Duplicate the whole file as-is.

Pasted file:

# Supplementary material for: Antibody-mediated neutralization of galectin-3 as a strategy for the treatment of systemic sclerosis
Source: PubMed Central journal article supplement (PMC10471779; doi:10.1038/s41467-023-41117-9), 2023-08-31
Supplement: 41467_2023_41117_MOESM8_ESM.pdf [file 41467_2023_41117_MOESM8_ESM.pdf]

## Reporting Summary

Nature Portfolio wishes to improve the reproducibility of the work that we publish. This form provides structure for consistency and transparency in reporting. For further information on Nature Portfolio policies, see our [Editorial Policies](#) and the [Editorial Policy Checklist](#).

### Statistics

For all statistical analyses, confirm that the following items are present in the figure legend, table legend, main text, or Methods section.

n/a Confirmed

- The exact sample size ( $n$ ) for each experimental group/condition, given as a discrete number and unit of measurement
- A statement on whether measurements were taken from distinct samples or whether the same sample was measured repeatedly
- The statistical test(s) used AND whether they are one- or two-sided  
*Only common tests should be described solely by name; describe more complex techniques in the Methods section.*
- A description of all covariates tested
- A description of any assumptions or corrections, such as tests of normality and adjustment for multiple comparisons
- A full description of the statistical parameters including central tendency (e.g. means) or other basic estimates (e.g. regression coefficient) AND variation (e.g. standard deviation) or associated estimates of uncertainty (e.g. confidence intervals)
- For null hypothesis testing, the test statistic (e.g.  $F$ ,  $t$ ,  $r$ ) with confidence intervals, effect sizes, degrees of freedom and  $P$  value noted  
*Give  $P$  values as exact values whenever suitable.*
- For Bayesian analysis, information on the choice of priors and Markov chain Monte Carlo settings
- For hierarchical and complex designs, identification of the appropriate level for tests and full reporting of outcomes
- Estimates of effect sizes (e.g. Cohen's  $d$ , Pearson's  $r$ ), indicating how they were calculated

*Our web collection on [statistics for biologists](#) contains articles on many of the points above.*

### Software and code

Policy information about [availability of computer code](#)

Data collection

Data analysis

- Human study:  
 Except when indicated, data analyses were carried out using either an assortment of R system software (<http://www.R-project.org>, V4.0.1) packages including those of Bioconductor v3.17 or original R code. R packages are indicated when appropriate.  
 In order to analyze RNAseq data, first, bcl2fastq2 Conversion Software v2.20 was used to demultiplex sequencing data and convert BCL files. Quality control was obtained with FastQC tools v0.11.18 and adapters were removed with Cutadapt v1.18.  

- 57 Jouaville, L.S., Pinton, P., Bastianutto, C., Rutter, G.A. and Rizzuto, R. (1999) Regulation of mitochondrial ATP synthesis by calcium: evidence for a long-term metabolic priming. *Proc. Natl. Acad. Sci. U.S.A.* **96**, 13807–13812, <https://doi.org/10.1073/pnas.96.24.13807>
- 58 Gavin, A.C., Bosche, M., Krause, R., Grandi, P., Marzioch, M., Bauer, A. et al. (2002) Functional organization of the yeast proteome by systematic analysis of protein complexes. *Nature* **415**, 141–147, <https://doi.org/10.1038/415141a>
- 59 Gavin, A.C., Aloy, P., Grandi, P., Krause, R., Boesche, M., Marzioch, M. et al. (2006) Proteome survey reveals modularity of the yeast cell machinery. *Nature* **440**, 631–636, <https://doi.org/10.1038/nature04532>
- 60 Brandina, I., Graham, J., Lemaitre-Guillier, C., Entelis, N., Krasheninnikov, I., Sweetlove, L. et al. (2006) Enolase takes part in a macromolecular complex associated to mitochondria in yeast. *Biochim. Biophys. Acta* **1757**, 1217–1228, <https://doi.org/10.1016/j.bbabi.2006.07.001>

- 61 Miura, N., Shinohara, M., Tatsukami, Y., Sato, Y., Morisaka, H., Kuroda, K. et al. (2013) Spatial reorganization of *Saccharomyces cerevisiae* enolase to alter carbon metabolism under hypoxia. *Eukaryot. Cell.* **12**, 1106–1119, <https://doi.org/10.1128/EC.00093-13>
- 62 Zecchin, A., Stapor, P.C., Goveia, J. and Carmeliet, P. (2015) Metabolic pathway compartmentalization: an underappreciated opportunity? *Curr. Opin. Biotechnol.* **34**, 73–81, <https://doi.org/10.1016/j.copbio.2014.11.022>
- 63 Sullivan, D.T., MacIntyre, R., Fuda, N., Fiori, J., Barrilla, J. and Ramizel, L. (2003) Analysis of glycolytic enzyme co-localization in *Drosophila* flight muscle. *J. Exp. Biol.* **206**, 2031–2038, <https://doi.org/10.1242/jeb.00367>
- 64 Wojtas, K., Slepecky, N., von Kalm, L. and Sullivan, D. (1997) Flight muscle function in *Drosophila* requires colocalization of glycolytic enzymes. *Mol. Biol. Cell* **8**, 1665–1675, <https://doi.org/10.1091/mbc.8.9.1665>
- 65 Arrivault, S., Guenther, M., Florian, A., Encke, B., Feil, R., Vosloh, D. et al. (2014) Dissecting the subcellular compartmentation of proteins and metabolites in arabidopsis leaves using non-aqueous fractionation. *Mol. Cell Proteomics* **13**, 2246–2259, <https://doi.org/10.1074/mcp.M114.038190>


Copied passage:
# Supplementary material for: Antibody-mediated neutralization of galectin-3 as a strategy for the treatment of systemic sclerosis
Source: PubMed Central journal article supplement (PMC10471779; doi:10.1038/s41467-023-41117-9), 2023-08-31
Supplement: 41467_2023_41117_MOESM8_ESM.pdf [file 41467_2023_41117_MOESM8_ESM.pdf]

## Reporting Summary

Nature Portfolio wishes to improve the reproducibility of the work that we publish. This form provides structure for consistency and transparency in reporting. For further information on Nature Portfolio policies, see our [Editorial Policies](#) and the [Editorial Policy Checklist](#).

### Statistics

For all statistical analyses, confirm that the following items are present in the figure legend, table legend, main text, or Methods section.

n/a Confirmed

- The exact sample size ( $n$ ) for each experimental group/condition, given as a discrete number and unit of measurement
- A statement on whether measurements were taken from distinct samples or whether the same sample was measured repeatedly
- The statistical test(s) used AND whether they are one- or two-sided  
*Only common tests should be described solely by name; describe more complex techniques in the Methods section.*
- A description of all covariates tested
- A description of any assumptions or corrections, such as tests of normality and adjustment for multiple comparisons
- A full description of the statistical parameters including central tendency (e.g. means) or other basic estimates (e.g. regression coefficient) AND variation (e.g. standard deviation) or associated estimates of uncertainty (e.g. confidence intervals)
- For null hypothesis testing, the test statistic (e.g.  $F$ ,  $t$ ,  $r$ ) with confidence intervals, effect sizes, degrees of freedom and  $P$  value noted  
*Give  $P$  values as exact values whenever suitable.*
- For Bayesian analysis, information on the choice of priors and Markov chain Monte Carlo settings
- For hierarchical and complex designs, identification of the appropriate level for tests and full reporting of outcomes
- Estimates of effect sizes (e.g. Cohen's  $d$ , Pearson's  $r$ ), indicating how they were calculated

*Our web collection on [statistics for biologists](#) contains articles on many of the points above.*

### Software and code

Policy information about [availability of computer code](#)

Data collection

Data analysis

- Human study:  
 Except when indicated, data analyses were carried out using either an assortment of R system software (<http://www.R-project.org>, V4.0.1) packages including those of Bioconductor v3.17 or original R code. R packages are indicated when appropriate.  
 In order to analyze RNAseq data, first, bcl2fastq2 Conversion Software v2.20 was used to demultiplex sequencing data and convert BCL files. Quality control was obtained with FastQC tools v0.11.18 and adapters were removed with Cutadapt v1.18.  

- 57 Jouaville, L.S., Pinton, P., Bastianutto, C., Rutter, G.A. and Rizzuto, R. (1999) Regulation of mitochondrial ATP synthesis by calcium: evidence for a long-term metabolic priming. *Proc. Natl. Acad. Sci. U.S.A.* **96**, 13807–13812, <https://doi.org/10.1073/pnas.96.24.13807>
- 58 Gavin, A.C., Bosche, M., Krause, R., Grandi, P., Marzioch, M., Bauer, A. et al. (2002) Functional organization of the yeast proteome by systematic analysis of protein complexes. *Nature* **415**, 141–147, <https://doi.org/10.1038/415141a>
- 59 Gavin, A.C., Aloy, P., Grandi, P., Krause, R., Boesche, M., Marzioch, M. et al. (2006) Proteome survey reveals modularity of the yeast cell machinery. *Nature* **440**, 631–636, <https://doi.org/10.1038/nature04532>
- 60 Brandina, I., Graham, J., Lemaitre-Guillier, C., Entelis, N., Krasheninnikov, I., Sweetlove, L. et al. (2006) Enolase takes part in a macromolecular complex associated to mitochondria in yeast. *Biochim. Biophys. Acta* **1757**, 1217–1228, <https://doi.org/10.1016/j.bbabi.2006.07.001>

- 61 Miura, N., Shinohara, M., Tatsukami, Y., Sato, Y., Morisaka, H., Kuroda, K. et al. (2013) Spatial reorganization of *Saccharomyces cerevisiae* enolase to alter carbon metabolism under hypoxia. *Eukaryot. Cell.* **12**, 1106–1119, <https://doi.org/10.1128/EC.00093-13>
- 62 Zecchin, A., Stapor, P.C., Goveia, J. and Carmeliet, P. (2015) Metabolic pathway compartmentalization: an underappreciated opportunity? *Curr. Opin. Biotechnol.* **34**, 73–81, <https://doi.org/10.1016/j.copbio.2014.11.022>
- 63 Sullivan, D.T., MacIntyre, R., Fuda, N., Fiori, J., Barrilla, J. and Ramizel, L. (2003) Analysis of glycolytic enzyme co-localization in *Drosophila* flight muscle. *J. Exp. Biol.* **206**, 2031–2038, <https://doi.org/10.1242/jeb.00367>
- 64 Wojtas, K., Slepecky, N., von Kalm, L. and Sullivan, D. (1997) Flight muscle function in *Drosophila* requires colocalization of glycolytic enzymes. *Mol. Biol. Cell* **8**, 1665–1675, <https://doi.org/10.1091/mbc.8.9.1665>
- 65 Arrivault, S., Guenther, M., Florian, A., Encke, B., Feil, R., Vosloh, D. et al. (2014) Dissecting the subcellular compartmentation of proteins and metabolites in arabidopsis leaves using non-aqueous fractionation. *Mol. Cell Proteomics* **13**, 2246–2259, <https://doi.org/10.1074/mcp.M114.038190>